There’s a similar thing going on with empathy. People seem surprised that I’d claim to have no particular empathic response to people most of the time, or at least the ability to turn it off (or forget to turn it back on), and yet be nice to people. Why is this surprising? If most people do it by instinct, presumably that instinct exists for a reason, right? Like, it was useful to have that instinct? People with that instinct were more successful? So. Why wouldn’t you expect a reasonably competent person to act that way anyway? I mean, it works. It is an effective way to get things of value.

I grant that I am a lot more likely to occasionally and unexpectedly act in non-empathic ways than most people, but there is the further question of what goals we adopt. I’m pretty well aware that I am not immortal in any practical sense. If I want to have goals, I should probably pick goals more interesting than short-term personal gain. So I have adopted goals involving trying to change the world so it is more like I want it to be. And that, it turns out, means making things nicer and safer for people. And it turns out that sometimes, the ability to behave in non-empathic ways to achieve those goals is a benefit. There’s some fascinating reporting suggesting that there are people in a number of fields, such as brain surgeons, who are unusually likely to have sociopathic traits, because they can’t do their jobs competently without them. I sort of get that. I see people who are crippled by doubt and indecision because if they screw up someone could get badly hurt. Well, yes, and if you do nothing someone could get badly hurt. Sucks to be you, I guess? Just make a decision and go with it.

Seeking excitement and challenge.

One of the things I’ve heard claimed is that at least some serial killers, etc., view “getting away with it” as a challenge. I can sort of get the idea of wanting a challenge. One of the reasons I find most modern “trolling” in MMOs annoying is the complete lack of effort or challenge. People enter a chat system which has hundreds of participants, say obviously stupid or abusive things, and then gloat about how they got responses. Uh. That’s sort of like bragging about your martial arts skills, then showing off a series of videos in which you hunch over and punch toddlers, who fall down. Toddlers of an age where they tend to fall down fairly often anyway, no less. Provoking people to react is not a major accomplishment. Provoking people to react without being personally engaged is utterly, totally, trivial, because being disengaged offends people in and of itself, and not being personally engaged is extremely easy. (Well. It is for me, anyway.)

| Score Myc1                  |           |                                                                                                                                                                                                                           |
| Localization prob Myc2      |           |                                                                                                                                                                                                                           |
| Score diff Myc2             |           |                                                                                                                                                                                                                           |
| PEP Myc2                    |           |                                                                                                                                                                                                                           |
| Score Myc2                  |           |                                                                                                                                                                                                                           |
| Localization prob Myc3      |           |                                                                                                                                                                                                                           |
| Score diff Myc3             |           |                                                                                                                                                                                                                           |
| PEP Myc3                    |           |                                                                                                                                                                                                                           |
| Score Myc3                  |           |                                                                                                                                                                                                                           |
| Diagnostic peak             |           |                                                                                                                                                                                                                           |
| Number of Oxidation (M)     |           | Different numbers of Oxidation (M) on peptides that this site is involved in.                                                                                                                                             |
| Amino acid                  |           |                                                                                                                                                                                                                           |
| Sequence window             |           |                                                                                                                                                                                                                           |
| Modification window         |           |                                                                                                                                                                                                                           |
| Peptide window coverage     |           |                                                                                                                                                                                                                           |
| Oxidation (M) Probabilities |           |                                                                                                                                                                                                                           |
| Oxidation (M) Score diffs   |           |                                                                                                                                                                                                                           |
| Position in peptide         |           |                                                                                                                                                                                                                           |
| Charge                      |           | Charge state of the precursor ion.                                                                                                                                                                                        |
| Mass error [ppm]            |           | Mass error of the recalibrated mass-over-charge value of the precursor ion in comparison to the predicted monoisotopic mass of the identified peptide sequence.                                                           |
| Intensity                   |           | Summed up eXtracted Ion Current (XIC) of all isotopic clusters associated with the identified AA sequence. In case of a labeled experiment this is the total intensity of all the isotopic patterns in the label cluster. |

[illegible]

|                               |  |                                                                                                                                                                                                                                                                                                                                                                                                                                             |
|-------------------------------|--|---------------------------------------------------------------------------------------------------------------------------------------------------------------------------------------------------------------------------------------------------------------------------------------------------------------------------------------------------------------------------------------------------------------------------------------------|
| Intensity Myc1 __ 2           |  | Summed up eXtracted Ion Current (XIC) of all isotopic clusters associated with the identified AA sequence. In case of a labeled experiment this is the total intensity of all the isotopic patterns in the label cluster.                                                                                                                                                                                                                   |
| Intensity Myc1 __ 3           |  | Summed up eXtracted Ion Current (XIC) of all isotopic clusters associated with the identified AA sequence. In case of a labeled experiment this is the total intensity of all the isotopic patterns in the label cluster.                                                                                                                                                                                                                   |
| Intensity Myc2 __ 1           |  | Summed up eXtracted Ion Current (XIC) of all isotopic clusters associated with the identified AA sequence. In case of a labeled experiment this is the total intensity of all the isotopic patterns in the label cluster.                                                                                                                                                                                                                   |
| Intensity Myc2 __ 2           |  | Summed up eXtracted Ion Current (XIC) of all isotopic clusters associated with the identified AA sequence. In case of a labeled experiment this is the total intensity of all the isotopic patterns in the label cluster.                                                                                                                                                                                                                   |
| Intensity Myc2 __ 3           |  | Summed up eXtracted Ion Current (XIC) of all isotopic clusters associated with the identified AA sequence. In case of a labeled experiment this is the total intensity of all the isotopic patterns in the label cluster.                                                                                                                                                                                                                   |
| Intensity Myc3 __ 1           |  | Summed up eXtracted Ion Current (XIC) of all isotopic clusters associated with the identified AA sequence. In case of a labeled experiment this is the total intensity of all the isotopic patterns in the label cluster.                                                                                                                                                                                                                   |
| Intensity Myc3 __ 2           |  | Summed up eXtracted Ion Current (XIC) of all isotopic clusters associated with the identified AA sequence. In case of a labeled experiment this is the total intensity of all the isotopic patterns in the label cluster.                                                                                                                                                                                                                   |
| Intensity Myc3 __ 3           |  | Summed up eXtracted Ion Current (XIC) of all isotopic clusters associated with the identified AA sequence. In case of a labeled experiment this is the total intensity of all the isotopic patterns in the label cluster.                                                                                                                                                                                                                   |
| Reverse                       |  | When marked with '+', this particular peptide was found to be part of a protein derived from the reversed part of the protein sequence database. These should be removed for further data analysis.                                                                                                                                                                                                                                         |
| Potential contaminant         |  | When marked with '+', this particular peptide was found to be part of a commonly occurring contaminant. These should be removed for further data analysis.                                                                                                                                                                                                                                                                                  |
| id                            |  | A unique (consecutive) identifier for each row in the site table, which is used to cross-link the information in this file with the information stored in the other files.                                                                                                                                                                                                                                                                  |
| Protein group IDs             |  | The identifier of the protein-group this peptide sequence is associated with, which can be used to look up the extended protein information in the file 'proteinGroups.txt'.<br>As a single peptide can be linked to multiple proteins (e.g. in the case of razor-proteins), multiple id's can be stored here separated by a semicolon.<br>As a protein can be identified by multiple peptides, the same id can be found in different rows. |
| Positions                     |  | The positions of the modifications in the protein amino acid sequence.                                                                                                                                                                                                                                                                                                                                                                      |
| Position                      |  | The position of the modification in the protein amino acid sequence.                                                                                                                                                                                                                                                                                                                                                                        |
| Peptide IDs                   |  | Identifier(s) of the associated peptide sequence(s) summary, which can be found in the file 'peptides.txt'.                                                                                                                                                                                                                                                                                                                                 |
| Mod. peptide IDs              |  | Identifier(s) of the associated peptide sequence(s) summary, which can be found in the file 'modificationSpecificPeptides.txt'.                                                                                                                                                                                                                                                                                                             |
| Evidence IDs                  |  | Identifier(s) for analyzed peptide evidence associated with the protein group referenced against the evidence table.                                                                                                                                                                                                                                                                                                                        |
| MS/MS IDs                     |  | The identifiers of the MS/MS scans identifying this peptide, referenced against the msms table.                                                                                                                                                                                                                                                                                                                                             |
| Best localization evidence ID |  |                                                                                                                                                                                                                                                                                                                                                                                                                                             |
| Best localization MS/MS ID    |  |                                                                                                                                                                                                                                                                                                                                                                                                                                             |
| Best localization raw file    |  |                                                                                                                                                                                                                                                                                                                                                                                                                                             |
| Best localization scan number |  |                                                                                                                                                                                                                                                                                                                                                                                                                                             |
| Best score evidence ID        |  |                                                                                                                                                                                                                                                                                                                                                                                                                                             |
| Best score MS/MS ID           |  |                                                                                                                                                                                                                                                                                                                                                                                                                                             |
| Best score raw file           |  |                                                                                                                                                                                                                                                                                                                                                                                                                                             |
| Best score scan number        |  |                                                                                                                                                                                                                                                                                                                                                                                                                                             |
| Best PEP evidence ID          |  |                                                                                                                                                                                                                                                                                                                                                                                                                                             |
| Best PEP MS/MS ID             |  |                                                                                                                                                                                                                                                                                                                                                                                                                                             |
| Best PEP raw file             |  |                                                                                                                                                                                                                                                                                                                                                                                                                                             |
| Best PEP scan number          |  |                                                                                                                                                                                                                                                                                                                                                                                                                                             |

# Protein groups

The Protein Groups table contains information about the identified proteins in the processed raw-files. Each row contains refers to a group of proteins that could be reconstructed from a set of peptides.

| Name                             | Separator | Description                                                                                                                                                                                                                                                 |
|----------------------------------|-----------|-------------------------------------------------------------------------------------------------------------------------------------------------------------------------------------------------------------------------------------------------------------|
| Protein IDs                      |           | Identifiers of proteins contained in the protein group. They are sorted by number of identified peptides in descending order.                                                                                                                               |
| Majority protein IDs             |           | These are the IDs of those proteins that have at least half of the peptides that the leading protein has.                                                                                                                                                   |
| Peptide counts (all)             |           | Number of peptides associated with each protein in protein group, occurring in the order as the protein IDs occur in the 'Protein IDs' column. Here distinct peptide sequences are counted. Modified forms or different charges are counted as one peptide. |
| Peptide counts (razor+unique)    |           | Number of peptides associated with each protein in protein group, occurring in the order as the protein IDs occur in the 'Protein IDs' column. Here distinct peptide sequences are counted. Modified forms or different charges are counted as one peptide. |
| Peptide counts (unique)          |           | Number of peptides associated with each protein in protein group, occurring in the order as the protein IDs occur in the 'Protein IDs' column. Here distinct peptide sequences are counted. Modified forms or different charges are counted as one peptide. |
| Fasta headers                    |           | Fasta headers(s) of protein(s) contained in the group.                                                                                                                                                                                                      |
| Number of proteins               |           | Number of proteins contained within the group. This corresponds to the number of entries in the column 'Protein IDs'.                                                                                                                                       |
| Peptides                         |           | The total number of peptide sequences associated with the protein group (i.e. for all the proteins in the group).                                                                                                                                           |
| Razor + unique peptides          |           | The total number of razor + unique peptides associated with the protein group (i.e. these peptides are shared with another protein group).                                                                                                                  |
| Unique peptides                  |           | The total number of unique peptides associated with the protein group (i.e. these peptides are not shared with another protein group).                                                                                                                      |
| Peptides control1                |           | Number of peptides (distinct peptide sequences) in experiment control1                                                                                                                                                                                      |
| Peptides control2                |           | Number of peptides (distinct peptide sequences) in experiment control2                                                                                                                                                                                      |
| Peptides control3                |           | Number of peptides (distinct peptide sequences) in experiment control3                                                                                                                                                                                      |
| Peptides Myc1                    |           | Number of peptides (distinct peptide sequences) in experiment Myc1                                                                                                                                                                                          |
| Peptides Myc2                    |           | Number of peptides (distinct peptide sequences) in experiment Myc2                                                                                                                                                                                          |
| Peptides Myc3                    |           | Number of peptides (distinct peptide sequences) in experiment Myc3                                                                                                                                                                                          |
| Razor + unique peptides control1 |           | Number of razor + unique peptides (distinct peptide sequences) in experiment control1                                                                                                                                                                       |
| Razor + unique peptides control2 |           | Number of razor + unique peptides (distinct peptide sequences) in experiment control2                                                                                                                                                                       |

And this is where things start to come together a bit. I sort of get the idea of wanting to seek some kind of excitement or challenge. I enjoy the metagame of old-school “trolling” in the form more typical of Kibology. And then there’s the bullies. See, the thing about bullies is, at least some of them are pretty sociopathic, or at least, have disconnected enough from what they’re doing that they aren’t emotionally engaged, making it hard to have any effect on them.

And a thing which is hard to do could be a challenge, and thus a thing which is interesting. A thing which might be fun. And as a side-effect, well, any time a troll spends fighting me, they are spending not fighting other people, most of whom are frankly going to be easy pickings for a troll.

Kaiju

So tying this together: It occurs to me that, at some level, Godzilla may not be primarily interested in defending Japan, so much as in beating down other kaiju, because they’re the only things it’s interesting to fight. And maybe that defends people, but the real point of it is just finding something that it takes some exertion to fight. Something challenging, and fun. Fighting bullies is an opportunity to let loose and be as destructive as I want without worrying too much about people getting hurt.

With slight apologies to Nietzsche: Whoever is already a monster should see to it that he fights monsters. And if I gaze long enough into the abyss, the abyss is gonna break eye contact first.

Peter Seebach

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Comment

  1. Funny, I’ve known you since 7th grade, and never known you to have a mean streak. Forget to be empathetic, perhaps. But you were never a bully, even when you could be. Where you lack empathy, you also lack self-empathy: an awareness of your own feelings. (Empathy towards others is derived from self-empathy.) So I’m skeptical about whether you truly don’t care about other people, or if you simply have difficulty recognizing when you do care. You seem to derive a lot of pleasure from being nice to people for not caring about them. If you really didn’t care, you’d derive just as much pleasure from non-social enterprises.

    One thing about mean people is that meanness is an assertion of power. If you really don’t care about what other people think, then you’re not going to neglect them, not bully them.

    Dave Leppik · 2014-01-03 15:32 · #

  2. By 7th grade, I’d mostly learned not to be obviously mean. You’ll note that “not obviously mean” is actually a pretty common trait in sociopaths in general. I mean, it’s not hard to be subtle, mostly.

    And I’m not entirely sure I like being nice to people anywhere near as much as I like solving interesting programming problems. But interacting with people is sort of useful, so…

    I am not totally sure about the power/meanness thing. I’m bad at reading social power things, so I don’t always pick them up. I just like watching things break, mostly.

    seebs · 2014-01-03 21:39 · #

  3. I wanted to thank you for posting this online. I find people fascinating in general, and motives and thoughts and emotions. What you’re saying is something that few people can and will say, and it gives me new material to work with and new ways to interpret things. It’s super useful, basically, and you are self aware enough to give lots of juicy details about it.

    It’s also an example of how people with different ways of processing and values and priorities can still fit the description of good or bad people.

    People act differently when they’re kids and adults, but that does sound different. I’ll chew on this (figuratively) for a long time.

    Have a good day!

    — Tiger · 2014-02-15 19:54 · #